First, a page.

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Feb
13

A Happy Heart Is a Healthier Heart

St. Valentine’s Day is the 14th, so let’s get to the heart of the matter. I need to tell you something important about your health.

No doubt, you are familiar with the stylized symbol of the red heart, the universal symbol for Valentine’s Day and romantic love. The shape of the heart can be seen on Valentine’s Day cards, on candy boxes, and other symbols of love representing passion and strong emotion.  The heart is, in some cultures, considered the seat of human emotions, or the seat of the soul.

The color red symbolizes blood, which is the essential life fluid that carries oxygen and nutrients throughout the body. We know that the human heart is a living, dynamic community of millions of hardworking cells that doesn’t rest until the day we die.

Modern science tells us that the real seat of human emotions is located within the limbic system at the core of the brain, not the heart.  But often language betrays science and reverts to an earlier, more primitive understanding of the heart’s symbolic role. For example, we use expressions like “my heart beats for you,” or “my heart is broken.”  Sometimes we say things like, “he has a heart of stone (emotion-less),” or “she has a heart of gold (goodness).” Whenever we say things from the heart, we are being honest and true.

So what I am about to say comes from my heart to yours.

Depression can adversely affect your heart.

A study in The Journal of the American Medical Association supports this statement.  It shows that an abundance of negative emotions (like anger, envy, worry) literally doubles the risk for ischemia, a condition characterized by an insufficient blood supply to the heart, compared to those who have more positive emotions.  There is much more research about this topic.  But for now, another way to say this is, “A happy heart is a healthier heart.”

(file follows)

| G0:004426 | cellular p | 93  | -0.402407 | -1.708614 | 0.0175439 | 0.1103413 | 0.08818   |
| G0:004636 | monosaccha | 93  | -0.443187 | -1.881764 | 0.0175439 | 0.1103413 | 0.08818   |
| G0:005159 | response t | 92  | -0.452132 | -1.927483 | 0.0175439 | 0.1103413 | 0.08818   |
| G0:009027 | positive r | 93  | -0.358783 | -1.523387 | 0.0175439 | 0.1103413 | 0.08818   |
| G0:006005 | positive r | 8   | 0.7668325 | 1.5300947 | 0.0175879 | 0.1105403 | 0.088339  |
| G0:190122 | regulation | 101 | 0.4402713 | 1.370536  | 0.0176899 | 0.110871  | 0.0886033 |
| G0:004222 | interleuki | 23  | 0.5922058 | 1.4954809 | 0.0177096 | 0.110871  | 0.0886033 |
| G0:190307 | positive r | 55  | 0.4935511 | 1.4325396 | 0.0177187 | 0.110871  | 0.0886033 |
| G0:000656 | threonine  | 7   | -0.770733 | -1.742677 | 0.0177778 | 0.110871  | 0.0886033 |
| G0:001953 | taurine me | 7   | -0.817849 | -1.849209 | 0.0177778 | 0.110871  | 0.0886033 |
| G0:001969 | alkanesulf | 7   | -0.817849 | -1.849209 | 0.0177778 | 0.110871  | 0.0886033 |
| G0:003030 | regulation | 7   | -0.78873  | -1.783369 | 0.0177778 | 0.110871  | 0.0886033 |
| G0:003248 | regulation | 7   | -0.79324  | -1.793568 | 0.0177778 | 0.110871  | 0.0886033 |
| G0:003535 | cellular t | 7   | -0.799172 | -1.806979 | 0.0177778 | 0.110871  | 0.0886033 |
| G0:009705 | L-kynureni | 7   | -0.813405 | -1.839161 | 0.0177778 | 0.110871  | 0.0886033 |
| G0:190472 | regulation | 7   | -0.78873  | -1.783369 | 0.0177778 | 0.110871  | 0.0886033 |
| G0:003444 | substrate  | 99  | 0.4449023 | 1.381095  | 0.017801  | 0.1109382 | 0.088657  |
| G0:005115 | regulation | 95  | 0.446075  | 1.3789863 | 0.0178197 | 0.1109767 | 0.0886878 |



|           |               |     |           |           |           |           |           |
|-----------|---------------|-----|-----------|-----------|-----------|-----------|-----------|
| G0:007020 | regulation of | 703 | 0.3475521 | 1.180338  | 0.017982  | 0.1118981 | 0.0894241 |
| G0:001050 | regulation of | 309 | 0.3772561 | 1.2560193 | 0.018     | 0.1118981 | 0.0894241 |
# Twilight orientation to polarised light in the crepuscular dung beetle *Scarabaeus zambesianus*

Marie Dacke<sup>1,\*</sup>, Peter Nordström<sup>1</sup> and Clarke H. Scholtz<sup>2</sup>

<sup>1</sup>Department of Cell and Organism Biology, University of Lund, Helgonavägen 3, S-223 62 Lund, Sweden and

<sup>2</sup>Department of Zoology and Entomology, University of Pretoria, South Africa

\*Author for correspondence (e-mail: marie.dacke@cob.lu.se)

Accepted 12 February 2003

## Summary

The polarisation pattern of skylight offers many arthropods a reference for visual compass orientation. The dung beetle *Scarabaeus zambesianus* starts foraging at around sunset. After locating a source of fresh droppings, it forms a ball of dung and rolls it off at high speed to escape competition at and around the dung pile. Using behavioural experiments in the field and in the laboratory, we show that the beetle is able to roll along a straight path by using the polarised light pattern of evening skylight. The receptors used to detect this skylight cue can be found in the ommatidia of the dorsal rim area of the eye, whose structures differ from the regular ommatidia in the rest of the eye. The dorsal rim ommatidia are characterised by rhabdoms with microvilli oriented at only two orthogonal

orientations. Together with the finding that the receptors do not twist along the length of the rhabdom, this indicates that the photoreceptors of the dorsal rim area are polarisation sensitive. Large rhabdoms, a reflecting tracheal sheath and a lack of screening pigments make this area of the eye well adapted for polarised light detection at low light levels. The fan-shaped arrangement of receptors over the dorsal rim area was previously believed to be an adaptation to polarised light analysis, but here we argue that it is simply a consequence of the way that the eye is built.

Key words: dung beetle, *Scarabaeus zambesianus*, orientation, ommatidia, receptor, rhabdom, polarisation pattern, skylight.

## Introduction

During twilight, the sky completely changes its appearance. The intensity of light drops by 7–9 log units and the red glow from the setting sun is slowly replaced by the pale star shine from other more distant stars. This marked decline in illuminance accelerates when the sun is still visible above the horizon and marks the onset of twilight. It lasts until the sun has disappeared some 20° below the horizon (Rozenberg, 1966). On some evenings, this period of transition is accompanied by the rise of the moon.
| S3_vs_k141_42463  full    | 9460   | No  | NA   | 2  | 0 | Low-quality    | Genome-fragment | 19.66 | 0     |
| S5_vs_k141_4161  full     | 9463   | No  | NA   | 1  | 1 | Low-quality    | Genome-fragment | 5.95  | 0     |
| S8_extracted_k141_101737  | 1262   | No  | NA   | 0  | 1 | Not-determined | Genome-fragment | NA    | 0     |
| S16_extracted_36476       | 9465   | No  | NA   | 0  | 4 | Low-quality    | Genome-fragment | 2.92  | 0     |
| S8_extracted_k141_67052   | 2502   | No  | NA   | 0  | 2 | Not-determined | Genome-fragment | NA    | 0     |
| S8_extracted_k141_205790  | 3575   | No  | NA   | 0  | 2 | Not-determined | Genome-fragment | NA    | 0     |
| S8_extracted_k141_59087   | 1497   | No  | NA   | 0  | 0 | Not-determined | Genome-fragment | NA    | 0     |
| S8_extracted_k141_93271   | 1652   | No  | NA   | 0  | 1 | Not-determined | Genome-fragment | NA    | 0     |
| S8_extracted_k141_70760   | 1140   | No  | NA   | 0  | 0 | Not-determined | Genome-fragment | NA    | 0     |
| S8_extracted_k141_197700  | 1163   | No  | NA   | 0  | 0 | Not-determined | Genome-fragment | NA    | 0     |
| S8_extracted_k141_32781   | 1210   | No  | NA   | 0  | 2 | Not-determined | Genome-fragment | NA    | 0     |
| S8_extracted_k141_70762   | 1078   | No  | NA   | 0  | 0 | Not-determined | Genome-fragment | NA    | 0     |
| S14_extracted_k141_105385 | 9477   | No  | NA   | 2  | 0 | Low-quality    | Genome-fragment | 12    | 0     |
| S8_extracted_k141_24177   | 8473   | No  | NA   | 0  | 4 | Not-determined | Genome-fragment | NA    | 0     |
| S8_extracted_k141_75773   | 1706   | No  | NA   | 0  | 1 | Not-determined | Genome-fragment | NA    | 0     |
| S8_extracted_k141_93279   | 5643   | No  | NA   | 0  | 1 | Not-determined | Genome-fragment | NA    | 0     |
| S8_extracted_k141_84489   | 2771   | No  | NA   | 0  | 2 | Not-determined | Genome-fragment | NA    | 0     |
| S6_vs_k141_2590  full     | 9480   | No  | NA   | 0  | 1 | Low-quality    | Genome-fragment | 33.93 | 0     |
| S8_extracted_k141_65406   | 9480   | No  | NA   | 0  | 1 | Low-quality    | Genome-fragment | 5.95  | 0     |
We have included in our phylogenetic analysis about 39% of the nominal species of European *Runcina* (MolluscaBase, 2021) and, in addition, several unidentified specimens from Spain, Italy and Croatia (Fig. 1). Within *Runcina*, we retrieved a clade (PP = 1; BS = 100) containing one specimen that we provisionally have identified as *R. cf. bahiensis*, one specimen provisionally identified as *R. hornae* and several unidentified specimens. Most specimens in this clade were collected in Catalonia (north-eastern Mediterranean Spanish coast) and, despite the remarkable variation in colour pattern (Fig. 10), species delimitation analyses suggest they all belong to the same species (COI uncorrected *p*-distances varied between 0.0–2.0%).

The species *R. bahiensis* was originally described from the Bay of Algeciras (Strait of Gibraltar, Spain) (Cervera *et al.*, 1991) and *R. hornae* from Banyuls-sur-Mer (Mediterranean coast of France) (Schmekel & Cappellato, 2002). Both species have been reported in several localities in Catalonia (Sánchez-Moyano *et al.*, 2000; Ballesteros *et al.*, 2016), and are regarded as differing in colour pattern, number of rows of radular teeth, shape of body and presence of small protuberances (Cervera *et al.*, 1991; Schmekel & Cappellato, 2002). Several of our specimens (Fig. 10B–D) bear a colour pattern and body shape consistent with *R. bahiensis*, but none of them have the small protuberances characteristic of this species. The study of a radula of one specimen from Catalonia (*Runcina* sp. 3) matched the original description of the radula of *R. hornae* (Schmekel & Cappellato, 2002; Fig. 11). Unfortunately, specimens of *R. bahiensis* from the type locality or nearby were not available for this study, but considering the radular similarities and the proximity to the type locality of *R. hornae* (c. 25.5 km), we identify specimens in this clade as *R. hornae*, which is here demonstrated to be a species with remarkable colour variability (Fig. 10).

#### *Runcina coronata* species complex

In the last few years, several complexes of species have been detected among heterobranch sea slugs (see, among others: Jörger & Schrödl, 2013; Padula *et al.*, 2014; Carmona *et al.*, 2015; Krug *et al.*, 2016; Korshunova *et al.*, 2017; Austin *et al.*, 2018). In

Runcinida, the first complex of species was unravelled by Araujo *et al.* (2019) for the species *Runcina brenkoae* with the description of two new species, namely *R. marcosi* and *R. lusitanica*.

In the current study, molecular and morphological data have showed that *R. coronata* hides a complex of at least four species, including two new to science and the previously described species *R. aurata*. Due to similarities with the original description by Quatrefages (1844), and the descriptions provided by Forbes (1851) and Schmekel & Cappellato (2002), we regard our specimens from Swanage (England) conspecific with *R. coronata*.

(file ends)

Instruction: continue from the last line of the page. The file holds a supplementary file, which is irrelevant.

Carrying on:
There is also a lot of research about depression and heart disease going together, like companions.  It’s not a healthy relationship.

An article on Web MD states that “depression can break your heart.” We don’t fully understand which comes first…depression or heart disease.  It appears that one can lead to the other.

The article states that “depression is an important risk factor for heart disease along with high blood cholesterol and high blood pressure. A study conducted in Baltimore, MD found that of 1,551 people who were free of heart disease, those who had a history of depression, were 4 times more likely than those who did not to suffer a heart attack in the next 14 years.”

The Dennis H. Jones Living Well Network is in the business of assessing and   preventing the effects of depression.  If something like stress or depression is standing in the way of your happiness, call the Front Porch at 901-762-8558.  A counselor will talk to you and assess your thoughts and feelings to determine if you need professional help for depression.  Your heart will thank you for it.

http://www.medicinenet.com/script/main/art.asp?articlekey=21761

JAMA, 277 (1997): 1521-6. E Gullette et al., “Effects of Mental Stress on Myocardial Ischemia during Daily Life”.*

Written by:

Myra Bennett, D.Min, LCPT